There is a host of sensors and electronic leads on the engine itself so begin tracking down and disconnecting everything.  But, leave the fuel lines alone for now. There is a host of small clips securing the sensor wires to the body of the car, so remove the ones you need to and work from the loom out. Locate a bundle of wires clipped to the engine bay, unclip it, follow its wires to the place they meet the engine, disconnect it, and wrap it out of the way.

Once you have disconnected everything visible, you can remove the exhaust manifold. Take off the heatshield and undo the bolts holding the manifold to the cylinder head. There is one bolt hidden deep inside the middle of the manifold so make sure to remove it, too. Unplug the O2 sensor under the car, unbolt the exhaust from the header (where the spring kit holds the cat and mid-pipe to the downpipe on the header) and remove the whole unit. There may be an EGR tube coming off the manifold which you can simply cut off.

By now, not much is holding the engine to the car. The final remaining components are the throttle cable, the tubing/hoses going to the heater core and some fuel lines. The heater hoses are removed in the same way as the rest of the coolant hoses, so take the needle-nose pliers, slide the clips off, and wiggle the hoses free. At the passenger side of the car, there will be a thin fuel line running from the main line to the fuel rail. Either remove it from the rail or cut it. Finally, get into the driver’s footwell and work the throttle cable free of the throttle pedal. You may need to cut it and, as your new engine will have an e-throttle, it doesn’t affect your final swap. Pull the throttle cable through the firewall and tie it down on the engine.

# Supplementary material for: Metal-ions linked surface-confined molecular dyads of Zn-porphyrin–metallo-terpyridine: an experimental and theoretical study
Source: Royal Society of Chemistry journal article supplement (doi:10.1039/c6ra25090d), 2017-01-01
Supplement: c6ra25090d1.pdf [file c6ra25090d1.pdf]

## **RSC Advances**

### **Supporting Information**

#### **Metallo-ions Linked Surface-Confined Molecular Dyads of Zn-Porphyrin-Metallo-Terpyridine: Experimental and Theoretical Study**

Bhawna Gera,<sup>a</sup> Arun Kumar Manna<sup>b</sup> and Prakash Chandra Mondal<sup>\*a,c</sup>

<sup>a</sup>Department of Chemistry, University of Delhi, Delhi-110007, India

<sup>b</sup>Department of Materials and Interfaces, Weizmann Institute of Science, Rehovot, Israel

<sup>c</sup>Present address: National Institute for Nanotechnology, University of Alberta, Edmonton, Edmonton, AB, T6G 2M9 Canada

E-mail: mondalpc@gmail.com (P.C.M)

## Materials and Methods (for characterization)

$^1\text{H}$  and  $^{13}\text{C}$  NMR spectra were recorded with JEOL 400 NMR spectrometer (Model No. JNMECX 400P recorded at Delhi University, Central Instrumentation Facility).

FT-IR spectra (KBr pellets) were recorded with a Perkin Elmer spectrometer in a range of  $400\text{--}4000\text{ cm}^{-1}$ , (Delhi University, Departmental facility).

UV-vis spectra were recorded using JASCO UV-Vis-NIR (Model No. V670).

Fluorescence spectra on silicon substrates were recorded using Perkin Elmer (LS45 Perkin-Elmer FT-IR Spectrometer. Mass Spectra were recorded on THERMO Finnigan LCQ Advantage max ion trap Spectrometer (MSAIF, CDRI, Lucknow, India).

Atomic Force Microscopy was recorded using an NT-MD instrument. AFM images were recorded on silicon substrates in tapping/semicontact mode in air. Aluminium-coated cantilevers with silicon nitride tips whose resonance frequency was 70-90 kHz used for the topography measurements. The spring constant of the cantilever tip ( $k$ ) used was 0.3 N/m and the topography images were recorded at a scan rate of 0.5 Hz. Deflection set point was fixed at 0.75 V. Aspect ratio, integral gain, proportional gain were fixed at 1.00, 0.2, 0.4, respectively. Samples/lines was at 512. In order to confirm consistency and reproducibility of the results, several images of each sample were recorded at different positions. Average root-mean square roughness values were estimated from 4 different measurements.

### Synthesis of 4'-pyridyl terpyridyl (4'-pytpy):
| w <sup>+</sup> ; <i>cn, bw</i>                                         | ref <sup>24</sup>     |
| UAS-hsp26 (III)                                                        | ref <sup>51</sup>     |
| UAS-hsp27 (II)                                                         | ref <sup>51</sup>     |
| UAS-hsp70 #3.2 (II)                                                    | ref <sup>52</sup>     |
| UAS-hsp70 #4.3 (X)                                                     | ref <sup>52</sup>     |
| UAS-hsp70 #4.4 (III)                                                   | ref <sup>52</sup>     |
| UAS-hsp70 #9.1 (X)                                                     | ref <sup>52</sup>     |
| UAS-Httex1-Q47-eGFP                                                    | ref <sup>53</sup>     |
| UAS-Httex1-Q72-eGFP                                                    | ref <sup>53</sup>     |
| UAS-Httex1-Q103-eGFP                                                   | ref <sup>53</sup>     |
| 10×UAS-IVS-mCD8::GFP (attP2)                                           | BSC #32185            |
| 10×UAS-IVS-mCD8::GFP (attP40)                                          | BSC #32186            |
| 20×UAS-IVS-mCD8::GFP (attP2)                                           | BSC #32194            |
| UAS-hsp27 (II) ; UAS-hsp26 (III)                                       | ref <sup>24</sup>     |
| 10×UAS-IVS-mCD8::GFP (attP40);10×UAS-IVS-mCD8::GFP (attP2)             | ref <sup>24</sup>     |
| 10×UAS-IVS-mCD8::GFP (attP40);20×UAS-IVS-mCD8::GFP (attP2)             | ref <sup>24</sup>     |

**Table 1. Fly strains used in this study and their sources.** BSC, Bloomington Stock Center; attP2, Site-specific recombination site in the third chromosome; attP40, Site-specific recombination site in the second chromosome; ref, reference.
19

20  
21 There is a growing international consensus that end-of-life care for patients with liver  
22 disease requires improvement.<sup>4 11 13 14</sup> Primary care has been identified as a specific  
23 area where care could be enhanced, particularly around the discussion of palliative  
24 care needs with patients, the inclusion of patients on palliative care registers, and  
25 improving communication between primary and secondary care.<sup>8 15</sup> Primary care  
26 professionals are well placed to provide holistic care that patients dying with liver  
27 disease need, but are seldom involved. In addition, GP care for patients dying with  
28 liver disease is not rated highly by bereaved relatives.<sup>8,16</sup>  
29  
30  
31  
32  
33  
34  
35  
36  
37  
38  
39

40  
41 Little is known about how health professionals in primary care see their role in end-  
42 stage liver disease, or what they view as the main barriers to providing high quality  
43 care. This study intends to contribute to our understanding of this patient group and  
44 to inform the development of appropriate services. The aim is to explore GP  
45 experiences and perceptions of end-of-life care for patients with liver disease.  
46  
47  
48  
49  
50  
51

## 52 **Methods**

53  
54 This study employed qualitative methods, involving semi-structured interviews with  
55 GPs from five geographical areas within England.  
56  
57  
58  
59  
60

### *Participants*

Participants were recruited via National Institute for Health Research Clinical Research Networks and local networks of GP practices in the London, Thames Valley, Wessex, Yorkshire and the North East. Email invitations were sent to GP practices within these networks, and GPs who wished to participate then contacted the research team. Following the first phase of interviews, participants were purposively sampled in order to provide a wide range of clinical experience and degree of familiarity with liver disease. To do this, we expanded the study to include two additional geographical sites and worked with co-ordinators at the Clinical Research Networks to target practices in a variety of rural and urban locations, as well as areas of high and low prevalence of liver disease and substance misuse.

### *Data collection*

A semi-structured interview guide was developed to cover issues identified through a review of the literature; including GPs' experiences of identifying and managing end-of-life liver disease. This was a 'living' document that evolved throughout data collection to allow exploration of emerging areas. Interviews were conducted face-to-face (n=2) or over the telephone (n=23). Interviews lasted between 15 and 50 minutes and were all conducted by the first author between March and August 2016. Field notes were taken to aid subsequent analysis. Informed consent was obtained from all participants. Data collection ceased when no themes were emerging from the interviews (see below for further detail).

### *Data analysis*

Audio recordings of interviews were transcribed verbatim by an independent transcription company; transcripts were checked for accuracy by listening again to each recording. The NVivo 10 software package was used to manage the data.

Complete a final check of the engine and remove any cables you may have forgotten (there is usually one or two). [Editor’s Note: the ground straps get us every time!] Begin removing the bolts connecting the transmission’s bell housing to the engine block, leaving one bolt on either side for now. Next, get a jack and pump it up until it’s supporting the seam between the transmission and the engine. Remove the final two bolts and unbolt the engine mounts; they’re connected to the body by one bolt that’s accessible from each wheel well.

With the mounts unbolted, the engine sits in the bay with no support, so swing your engine crane over, put the straps on the hoist mounts found on the front driver’s side and rear passenger’s side of the engine.

Pump the engine crane until the engine begins lifting off the subframe and have a friend gently swing it from side to side a few centimeters to check for any cables or hoses still connected to the block. It took a fair bit of rocking back and forth to get the engine to separate from the transmission. Once everything is confirmed to be disconnected, you can slowly raise the engine while your friend maneuvers it out of the bay. Caution: while the engine is easy to move and swing, it is nevertheless a heavy piece of metal. Watch out for fingers caught between it and the car.

In Part 4, we’ll be getting our now-prepped Ecotec engine into the car.

Mazda Miata 2.4L Ecotec Swap Part 1

Mazda Miata 2.4L Ecotec Swap Part 2

Milan Svitek is a Slovakian gearhead whose love of engineering has led him into the world of car modification. He can typically be found sitting at his computer, daydreaming of ways he could turn his practical and reliable daily into an unreliable yet practical racecar. To get a glimpse into the mind of this strange creature, browse through his work at